Remember what a pair of topaz eyes
You once detected, turned against the wall,
That morning, in my London painting-room;
The face half-sketched, and slurred; the eyes alone!
But you . . you caught them up with yours, and said
'Kate Ward's eyes, surely.'–Now, I own the truth,
I had thrown them there to keep them safe from Jove;
They would so naughtily find out their way
To both the heads of both my Danaës,
Where just it made me mad to look at them.
Such eyes! I could not paint or think of eyes
But those,–and so I flung them into paint
And turned them to the wall's care. Ay, but now
I've let them out, my Kate's! I've painted her,
(I'll change my style, and leave mythologies)
The whole sweet face; it looks upon my soul
Like a face on water, to beget itself,
A half-length portrait, in a hanging cloak
Like one you wore once; 'tis a little frayed;
I pressed, too, for the nude harmonious arm–
But she . . she'd have her way, and have her cloak;
She said she could be like you only so,
And would not miss the fortune. Ah, my friend,
You'll write and say she shall not miss your love
Through meeting mine? in faith, she would not change:
She has your books by heart, more than my words,
And quotes you up against me till I'm pushed
Where, three months since, her eyes were! nay, in fact,
Nought satisfied her but to make me paint
Your last book folded in her dimpled hands,
Instead of my brown palette, as I wished,
(And, grant me, the presentment had been newer)
She'd grant me nothing: I've compounded for
The naming of the wedding-day next month,
And gladly too. 'Tis pretty, to remark
How women can love women of your sort,
And tie their hearts with love-knots to your feet,
Grow insolent about you against men,
And put us down by putting up the lip,
As if a man,–there are such, let us own.
Who write not ill,–remains a man, poor wretch,
While you–! Write far worse than Aurora Leigh,
And there'll be women who believe of you
(Besides my Kate) that if you walked on sand
You would not leave a foot-print.
'Are you put
To wonder by my marriage, like poor Leigh?
'Kate Ward!' he said. 'Kate Ward!' he said anew.
'I thought . . .' he said, and stopped,–'I did not think . . .'
And then he dropped to silence.
'Ah, he's changed
I had not seen him, you're aware, for long,
But went of course. I have not touched on this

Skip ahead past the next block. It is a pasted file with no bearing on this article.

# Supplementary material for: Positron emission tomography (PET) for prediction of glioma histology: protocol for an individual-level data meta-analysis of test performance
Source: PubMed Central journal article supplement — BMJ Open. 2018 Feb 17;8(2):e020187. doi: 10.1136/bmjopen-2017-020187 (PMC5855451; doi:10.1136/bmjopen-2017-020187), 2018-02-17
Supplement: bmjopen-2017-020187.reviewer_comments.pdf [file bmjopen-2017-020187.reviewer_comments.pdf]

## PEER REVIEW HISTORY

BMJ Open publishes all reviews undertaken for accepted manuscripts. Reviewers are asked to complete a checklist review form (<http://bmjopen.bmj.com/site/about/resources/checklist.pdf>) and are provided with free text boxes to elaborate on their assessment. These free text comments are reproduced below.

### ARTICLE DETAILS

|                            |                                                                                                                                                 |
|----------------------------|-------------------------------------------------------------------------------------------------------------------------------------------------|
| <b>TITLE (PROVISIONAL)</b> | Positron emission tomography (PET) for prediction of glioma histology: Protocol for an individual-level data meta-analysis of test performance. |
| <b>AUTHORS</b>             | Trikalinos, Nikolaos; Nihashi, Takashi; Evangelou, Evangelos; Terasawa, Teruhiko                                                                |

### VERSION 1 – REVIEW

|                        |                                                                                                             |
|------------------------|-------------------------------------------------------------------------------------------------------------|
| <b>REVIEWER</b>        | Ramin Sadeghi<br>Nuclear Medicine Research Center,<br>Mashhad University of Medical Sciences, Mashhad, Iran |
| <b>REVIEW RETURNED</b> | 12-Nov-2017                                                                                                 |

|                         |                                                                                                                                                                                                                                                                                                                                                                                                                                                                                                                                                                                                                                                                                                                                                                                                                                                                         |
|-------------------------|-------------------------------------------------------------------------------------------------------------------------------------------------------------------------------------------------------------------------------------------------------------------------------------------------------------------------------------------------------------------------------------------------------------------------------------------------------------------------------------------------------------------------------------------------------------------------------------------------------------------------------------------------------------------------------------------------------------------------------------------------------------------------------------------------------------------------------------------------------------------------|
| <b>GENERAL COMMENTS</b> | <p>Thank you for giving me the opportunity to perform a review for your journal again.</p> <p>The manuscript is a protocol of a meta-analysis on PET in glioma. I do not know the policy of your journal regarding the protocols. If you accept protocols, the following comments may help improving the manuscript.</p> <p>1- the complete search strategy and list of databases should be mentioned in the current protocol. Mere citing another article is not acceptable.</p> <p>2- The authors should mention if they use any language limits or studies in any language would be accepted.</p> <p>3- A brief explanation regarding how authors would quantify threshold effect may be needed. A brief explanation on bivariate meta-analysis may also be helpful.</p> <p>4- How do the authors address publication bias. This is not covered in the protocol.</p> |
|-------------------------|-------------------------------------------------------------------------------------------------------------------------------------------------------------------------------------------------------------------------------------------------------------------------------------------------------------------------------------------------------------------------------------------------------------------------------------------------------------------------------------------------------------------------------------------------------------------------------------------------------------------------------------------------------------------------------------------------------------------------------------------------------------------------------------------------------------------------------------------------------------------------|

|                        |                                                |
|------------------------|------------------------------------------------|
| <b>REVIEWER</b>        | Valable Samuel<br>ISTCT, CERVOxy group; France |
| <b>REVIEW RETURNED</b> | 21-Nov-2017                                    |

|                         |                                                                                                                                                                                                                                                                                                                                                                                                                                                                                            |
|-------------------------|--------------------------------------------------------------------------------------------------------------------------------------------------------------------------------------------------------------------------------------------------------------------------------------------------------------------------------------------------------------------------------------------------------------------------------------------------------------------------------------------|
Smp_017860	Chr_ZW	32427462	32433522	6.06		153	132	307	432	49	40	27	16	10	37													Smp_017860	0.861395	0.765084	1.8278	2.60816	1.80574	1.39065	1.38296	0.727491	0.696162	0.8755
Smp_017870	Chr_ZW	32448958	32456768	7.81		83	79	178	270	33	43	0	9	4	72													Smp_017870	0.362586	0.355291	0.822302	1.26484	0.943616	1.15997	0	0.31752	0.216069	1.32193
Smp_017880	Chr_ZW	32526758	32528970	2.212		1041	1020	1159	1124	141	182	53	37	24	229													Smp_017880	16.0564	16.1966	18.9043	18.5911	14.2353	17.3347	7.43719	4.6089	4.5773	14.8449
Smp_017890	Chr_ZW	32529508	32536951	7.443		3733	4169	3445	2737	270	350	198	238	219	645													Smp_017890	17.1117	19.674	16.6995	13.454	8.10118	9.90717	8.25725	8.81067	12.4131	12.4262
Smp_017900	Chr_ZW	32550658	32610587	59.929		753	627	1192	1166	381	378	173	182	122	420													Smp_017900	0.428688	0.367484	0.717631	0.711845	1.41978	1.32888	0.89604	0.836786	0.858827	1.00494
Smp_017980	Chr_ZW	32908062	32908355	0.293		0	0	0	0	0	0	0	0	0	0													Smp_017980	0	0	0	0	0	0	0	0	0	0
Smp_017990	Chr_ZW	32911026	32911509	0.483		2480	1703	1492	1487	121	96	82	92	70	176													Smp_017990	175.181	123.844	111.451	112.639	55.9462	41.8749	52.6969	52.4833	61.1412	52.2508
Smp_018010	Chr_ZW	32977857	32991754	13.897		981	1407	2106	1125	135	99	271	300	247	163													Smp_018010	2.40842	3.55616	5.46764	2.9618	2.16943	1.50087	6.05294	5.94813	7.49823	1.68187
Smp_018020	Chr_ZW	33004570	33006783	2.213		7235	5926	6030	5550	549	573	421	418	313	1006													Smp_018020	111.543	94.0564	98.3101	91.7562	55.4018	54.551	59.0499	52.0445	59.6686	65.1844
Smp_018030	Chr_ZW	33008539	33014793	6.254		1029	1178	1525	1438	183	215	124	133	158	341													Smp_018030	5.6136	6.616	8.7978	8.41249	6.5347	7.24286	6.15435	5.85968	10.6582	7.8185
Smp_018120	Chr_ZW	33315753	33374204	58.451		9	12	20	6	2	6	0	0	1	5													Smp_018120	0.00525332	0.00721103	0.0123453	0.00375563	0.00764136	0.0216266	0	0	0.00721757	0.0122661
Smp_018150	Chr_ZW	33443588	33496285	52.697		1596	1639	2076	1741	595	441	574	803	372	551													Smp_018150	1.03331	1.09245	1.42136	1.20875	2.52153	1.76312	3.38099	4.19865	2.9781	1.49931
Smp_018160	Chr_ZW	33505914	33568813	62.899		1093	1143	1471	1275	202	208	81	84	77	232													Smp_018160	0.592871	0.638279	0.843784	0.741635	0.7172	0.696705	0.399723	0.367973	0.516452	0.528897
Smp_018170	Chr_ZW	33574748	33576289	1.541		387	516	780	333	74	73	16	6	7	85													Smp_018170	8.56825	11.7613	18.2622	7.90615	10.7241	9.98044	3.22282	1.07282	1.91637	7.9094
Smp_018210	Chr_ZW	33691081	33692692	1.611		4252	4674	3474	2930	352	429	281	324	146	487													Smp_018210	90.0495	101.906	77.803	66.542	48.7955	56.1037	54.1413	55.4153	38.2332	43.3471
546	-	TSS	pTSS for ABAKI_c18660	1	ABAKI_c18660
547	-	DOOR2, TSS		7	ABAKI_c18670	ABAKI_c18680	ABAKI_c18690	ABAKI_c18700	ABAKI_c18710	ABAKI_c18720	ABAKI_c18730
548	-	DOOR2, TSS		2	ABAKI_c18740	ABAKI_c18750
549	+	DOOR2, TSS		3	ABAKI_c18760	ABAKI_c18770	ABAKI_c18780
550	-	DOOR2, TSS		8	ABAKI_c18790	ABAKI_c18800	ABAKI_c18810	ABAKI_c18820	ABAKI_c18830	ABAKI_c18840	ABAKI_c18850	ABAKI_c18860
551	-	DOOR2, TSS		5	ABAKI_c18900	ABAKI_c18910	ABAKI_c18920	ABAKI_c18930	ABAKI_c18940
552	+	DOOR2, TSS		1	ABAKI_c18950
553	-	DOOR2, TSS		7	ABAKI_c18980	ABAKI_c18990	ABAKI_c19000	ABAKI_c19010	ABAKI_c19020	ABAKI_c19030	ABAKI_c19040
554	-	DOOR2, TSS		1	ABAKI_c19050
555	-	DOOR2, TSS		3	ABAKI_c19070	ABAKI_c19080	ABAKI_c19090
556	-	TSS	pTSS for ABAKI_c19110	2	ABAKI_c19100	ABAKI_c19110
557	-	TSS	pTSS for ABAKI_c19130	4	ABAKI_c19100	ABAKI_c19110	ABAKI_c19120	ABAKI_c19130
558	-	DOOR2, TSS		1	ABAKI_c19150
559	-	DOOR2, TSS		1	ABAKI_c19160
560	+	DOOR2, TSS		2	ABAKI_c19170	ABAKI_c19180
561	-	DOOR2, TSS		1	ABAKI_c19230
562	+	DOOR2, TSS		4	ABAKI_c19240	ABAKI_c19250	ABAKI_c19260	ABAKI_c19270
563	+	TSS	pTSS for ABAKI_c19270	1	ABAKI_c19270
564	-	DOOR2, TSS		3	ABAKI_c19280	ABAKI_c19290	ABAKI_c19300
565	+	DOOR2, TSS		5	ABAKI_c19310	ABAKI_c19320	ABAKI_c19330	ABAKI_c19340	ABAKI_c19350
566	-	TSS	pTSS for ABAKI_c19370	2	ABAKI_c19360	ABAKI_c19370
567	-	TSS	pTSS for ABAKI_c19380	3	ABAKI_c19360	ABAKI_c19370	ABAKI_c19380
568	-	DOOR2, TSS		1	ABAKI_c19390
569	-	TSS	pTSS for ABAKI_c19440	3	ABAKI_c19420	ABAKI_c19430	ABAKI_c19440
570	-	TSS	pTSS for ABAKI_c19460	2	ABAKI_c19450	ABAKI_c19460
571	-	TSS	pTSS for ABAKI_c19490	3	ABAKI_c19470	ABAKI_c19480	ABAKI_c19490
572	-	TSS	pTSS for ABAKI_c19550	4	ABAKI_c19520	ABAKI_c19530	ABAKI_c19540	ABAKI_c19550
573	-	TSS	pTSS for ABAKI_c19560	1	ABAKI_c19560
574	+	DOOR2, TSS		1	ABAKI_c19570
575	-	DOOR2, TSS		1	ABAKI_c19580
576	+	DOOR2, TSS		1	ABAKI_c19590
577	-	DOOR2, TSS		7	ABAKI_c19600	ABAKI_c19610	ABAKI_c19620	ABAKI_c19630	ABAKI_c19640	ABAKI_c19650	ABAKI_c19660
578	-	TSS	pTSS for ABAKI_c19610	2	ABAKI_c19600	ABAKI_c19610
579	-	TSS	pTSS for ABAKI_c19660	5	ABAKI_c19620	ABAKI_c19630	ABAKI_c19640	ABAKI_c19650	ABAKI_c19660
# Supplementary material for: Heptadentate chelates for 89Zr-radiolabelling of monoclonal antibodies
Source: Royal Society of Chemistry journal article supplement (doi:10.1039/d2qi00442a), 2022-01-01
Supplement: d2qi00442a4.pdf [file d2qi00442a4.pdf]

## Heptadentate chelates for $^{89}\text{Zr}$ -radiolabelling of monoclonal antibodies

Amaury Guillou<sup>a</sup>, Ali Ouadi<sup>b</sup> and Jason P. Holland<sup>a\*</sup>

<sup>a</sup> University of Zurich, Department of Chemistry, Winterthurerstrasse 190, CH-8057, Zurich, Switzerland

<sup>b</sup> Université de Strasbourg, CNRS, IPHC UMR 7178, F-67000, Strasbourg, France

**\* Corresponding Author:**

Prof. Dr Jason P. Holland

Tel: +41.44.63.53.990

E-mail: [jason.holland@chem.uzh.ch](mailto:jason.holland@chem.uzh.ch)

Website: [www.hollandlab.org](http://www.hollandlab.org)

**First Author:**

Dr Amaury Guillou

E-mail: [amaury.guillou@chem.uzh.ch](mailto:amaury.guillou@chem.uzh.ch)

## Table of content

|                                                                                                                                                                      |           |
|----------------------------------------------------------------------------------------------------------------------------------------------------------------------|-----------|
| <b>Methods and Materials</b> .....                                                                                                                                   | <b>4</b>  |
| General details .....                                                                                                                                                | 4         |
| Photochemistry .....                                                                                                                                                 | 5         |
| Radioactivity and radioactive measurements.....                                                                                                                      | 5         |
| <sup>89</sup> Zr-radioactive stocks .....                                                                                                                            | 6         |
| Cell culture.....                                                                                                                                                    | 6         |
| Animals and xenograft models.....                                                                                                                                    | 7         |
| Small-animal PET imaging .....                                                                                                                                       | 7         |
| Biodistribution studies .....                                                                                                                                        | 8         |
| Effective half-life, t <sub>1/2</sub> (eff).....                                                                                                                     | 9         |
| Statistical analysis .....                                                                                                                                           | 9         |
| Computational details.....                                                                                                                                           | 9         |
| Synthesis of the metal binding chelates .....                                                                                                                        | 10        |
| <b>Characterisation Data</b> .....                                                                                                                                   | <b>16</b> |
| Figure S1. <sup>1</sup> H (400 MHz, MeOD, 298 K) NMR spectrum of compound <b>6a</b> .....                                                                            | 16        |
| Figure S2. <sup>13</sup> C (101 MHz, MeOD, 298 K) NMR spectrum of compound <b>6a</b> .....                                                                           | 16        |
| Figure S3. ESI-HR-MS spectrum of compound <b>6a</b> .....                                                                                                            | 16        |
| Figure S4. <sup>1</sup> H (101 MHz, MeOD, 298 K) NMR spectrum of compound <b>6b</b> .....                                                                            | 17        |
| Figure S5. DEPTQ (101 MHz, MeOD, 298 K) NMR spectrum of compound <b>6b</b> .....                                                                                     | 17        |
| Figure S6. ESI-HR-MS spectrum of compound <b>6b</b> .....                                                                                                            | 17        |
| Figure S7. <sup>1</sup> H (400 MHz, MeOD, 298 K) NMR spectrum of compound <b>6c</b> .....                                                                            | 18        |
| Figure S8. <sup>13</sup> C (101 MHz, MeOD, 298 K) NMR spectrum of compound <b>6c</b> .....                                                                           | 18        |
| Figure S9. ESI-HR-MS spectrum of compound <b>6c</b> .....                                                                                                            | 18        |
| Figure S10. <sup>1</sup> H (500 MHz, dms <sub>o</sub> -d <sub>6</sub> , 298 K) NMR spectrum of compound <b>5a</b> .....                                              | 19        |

Through all this letter,–conscious of your heart,
And writing lightlier for the heavy fact,
As clocks are voluble with lead.
'How weak
To say I'm sorry. Dear Leigh, dearest Leigh!
In those old days of Shropshire,–pardon me,–
When he and you fought many a field of gold
On what you should do, or you should not do,
Make bread of verses, (it just came to that)
I thought you'd one day draw a silken peace
Through a gold ring. I thought so. Foolishly,
The event proved,–for you went more opposite
To each other, month by month, and year by year,
Until this happened. God knows best, we say,
But hoarsely. When the fever took him first,
Just after I had writ to you in France,
They tell me Lady Waldemar mixed drinks
And counted grains, like any salaried nurse,
Excepting that she wept too. Then Lord Howe,
You're right about Lord Howe! Lord Howe's a trump;
And yet, with such in his hand, a man like Leigh
May lose, as he does. There's an end to all,–
Yes, even this letter, through the second sheet
May find you doubtful. Write a word for Kate:
Even now she reads my letters like a wife,
And if she sees her name, I'll see her smile,
And share the luck. So, bless you, friend of two!
I will not ask you what your feeling is
At Florence with my pictures. I can hear
Your heart a-flutter over the snow-hills;
And, just to pace the Pitti with you once,
I'd give a half-hour of to-morrow's walk
With Kate . . I think so. Vincent Carrington.'

The noon was hot; the air scorched like the sun,
And was shut out. The closed persiani threw
Their long-scored shadows on my villa-floor,
And interlined the golden atmosphere
Straight, still,–across the pictures on the wall
The statuette on the console, (of young Love
And Psyche made one marble by a kiss)
The low couch where I leaned, the table near,
The vase of lilies, Marian pulled last night,
(Each green leaf and each white leaf ruled in black
As if for writing some new text of fate)
And the open letter, rested on my knee,–
But there, the lines swerved, trembled, though I sate
Untroubled . . plainly, . . reading it again
And three times. Well, he's married; that is clear.
No wonder that he's married, nor much more
That Vincent's therefore, 'sorry.' Why, of course,
The lady nursed him when he was not well,
Mixed drinks,–unless nepenthe was the drink,
'Twas scarce worth telling. But a man in love
Will see the whole sex in his mistress' hood,
The prettier for its lining of fair rose;